Survivors seeking services from four agencies in King County and Yakima County (LifeWire, New Beginnings, YWCA of Yakima and Lower Valley Crisis and Support Services) will be invited to participate in a longitudinal study to better understand how DVHF services can optimize housing stability for survivors and their children. Armed with this research, the domestic violence field will be better positioned to forge new alliances with housing/homeless service providers and attract new resources to support their evidence-based DVHF services.

Every person deserves a safe place to call home. This research will advance our knowledge of what it takes to get us there.

Doing nothing is the worst choice

Someone asked me if the current national conversation about sexual assault is helping our organization with increased interest or support. The answer is, not really. And I think the reason is that it’s hard for human beings to connect individual responsibility with community responsibility.

Often, I get supportive comments when I say that I am employed at a non-profit that works to prevent domestic violence. The term “domestic violence” can have different meanings; but usually people tell me that they believe that violence is rooted in individual behavior and poor choices. They don’t see what I see―that preventing violence requires, in part, government policies that support safe, affordable, accessible housing, child care subsidies and a livable wage for everyone. I guess it all sounds too impersonal and far away from daily life. And, yet, it matters. And it follows then that who is on the Supreme Court matters also. And who is in charge of Health & Human Services. If how you treat people does matter, than our leaders’ behavior and ideas matter.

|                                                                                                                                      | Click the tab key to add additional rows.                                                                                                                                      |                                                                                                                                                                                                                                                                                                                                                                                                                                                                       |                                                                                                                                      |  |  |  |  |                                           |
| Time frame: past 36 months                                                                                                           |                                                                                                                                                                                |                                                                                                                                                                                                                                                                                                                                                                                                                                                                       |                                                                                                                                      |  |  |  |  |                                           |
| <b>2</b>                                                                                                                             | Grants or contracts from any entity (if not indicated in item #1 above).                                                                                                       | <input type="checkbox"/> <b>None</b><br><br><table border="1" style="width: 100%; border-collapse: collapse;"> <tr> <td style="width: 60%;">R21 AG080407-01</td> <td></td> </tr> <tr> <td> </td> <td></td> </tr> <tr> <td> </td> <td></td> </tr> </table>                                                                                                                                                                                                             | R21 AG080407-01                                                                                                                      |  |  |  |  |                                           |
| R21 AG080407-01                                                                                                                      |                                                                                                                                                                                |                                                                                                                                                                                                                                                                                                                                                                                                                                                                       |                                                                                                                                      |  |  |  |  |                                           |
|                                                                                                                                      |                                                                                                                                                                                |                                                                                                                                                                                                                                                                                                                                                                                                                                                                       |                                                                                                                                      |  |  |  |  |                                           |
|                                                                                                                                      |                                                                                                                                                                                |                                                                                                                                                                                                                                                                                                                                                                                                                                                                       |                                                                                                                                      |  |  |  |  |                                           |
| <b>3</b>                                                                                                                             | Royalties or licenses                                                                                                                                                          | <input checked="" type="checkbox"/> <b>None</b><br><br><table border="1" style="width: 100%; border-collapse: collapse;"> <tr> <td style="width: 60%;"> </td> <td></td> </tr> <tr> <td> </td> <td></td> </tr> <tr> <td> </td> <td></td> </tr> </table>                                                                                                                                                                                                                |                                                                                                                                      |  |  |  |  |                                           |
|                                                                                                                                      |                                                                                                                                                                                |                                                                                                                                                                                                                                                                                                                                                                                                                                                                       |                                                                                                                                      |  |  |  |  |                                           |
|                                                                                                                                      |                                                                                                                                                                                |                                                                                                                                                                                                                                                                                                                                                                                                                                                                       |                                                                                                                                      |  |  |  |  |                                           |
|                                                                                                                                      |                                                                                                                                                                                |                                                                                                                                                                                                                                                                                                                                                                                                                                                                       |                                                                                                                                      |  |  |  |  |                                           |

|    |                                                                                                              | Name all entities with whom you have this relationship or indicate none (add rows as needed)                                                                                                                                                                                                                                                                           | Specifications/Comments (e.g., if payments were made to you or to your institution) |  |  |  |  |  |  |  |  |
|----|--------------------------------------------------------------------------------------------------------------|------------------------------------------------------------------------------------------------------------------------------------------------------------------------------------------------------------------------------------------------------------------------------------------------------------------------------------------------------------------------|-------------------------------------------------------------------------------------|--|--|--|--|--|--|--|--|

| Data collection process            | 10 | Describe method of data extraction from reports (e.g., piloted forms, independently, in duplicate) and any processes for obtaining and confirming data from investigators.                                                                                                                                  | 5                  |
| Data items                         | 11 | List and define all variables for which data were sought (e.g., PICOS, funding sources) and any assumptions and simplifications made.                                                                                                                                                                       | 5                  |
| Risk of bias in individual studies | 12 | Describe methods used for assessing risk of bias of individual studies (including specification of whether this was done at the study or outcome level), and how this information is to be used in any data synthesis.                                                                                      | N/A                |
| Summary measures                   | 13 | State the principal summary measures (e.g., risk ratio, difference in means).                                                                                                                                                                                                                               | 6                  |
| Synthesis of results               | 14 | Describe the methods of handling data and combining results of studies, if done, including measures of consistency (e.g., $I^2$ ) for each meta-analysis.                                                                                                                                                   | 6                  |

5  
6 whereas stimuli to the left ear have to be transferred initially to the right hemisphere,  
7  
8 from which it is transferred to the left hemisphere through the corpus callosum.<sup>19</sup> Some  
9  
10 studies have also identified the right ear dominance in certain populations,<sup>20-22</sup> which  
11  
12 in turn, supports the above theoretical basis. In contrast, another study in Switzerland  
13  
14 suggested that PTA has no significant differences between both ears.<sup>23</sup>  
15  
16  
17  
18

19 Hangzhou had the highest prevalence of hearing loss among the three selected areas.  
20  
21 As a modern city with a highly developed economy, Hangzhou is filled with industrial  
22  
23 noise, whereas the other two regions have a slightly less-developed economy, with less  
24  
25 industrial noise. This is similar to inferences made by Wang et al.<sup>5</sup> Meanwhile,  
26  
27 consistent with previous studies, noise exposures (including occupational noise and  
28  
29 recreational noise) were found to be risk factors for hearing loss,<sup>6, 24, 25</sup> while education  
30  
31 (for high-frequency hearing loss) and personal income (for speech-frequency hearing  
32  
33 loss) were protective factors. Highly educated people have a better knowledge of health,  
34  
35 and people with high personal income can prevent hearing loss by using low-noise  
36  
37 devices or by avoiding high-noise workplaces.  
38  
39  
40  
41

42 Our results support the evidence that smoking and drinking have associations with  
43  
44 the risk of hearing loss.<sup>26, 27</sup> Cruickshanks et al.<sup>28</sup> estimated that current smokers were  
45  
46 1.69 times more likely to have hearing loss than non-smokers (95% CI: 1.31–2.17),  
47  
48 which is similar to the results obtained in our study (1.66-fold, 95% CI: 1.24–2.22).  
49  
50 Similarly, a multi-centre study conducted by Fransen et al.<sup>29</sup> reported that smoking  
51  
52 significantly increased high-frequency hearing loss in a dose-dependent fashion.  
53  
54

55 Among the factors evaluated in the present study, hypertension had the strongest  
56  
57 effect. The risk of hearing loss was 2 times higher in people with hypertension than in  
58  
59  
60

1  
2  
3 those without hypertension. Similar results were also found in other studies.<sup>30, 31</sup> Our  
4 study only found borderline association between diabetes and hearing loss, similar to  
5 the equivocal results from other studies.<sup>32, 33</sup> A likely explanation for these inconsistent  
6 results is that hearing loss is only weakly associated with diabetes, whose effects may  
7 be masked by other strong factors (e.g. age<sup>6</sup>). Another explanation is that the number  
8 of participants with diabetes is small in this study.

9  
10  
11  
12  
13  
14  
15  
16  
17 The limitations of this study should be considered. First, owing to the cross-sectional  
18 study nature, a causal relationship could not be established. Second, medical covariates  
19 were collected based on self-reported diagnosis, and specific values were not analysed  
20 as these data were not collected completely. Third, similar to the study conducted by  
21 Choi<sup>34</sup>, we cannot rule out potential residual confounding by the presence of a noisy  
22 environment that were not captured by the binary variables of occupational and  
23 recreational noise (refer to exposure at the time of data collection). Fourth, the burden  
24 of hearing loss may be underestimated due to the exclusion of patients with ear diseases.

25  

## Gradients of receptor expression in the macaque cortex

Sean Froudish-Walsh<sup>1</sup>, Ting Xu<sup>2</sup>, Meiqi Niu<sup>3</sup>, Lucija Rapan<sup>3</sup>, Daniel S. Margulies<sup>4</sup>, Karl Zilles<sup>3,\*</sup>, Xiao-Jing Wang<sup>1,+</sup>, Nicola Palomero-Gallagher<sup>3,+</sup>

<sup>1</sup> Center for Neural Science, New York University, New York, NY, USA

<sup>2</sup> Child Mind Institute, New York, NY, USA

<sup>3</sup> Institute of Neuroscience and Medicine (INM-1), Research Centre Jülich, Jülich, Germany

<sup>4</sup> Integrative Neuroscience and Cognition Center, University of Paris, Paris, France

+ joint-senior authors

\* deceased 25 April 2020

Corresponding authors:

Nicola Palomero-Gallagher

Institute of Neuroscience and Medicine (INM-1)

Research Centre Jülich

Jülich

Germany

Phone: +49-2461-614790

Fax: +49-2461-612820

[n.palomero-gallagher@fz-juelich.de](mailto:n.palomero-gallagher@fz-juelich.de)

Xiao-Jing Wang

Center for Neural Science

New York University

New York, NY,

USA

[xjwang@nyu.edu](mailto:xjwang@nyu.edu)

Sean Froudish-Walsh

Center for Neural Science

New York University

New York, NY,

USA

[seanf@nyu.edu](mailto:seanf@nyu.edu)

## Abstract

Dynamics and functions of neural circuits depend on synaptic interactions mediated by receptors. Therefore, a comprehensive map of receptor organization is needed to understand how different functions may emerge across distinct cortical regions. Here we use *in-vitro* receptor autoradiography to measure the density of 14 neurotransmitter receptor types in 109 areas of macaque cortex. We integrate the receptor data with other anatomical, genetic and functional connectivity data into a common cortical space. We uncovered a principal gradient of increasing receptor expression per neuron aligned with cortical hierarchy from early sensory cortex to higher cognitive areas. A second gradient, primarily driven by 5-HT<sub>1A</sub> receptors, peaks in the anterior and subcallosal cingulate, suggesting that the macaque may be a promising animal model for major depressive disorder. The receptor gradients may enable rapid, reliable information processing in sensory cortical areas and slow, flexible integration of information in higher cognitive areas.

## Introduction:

I hear people say it is hard to vote at all with two imperfect presidential candidates. But this election reminds me of the importance of voting. People who came before me literally died for my right to vote. And, the right to vote is facing increased restrictions across our nation. Maybe your ability to vote isn’t restricted, but it could be happening to someone else in your community.

This October is Domestic Violence ACTION Month. Having a conversation with my children about the potential for abuse happening to them or their friends can be overwhelming. But, just like with voting, doing nothing is the worst choice. It is always harder to make things better after the worst happens. Exercising your right to vote and starting a conversation with your children about domestic violence are actions that matter. Your actions can be part of preventing more bad things happening and creating a world we all want to live in.

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If you’re going to lean in, you need support

baby-diapers-and-wipesJust as I was beginning my career, Lean In was becoming popular. In true lean in spirit, I was told to pursue my ambitions, ask for more, and change the conversation to what I could do, instead of what I couldn’t. I totally bought into the idea that if I put my mind to it I could (and should) do everything in full force.

Then I had a child.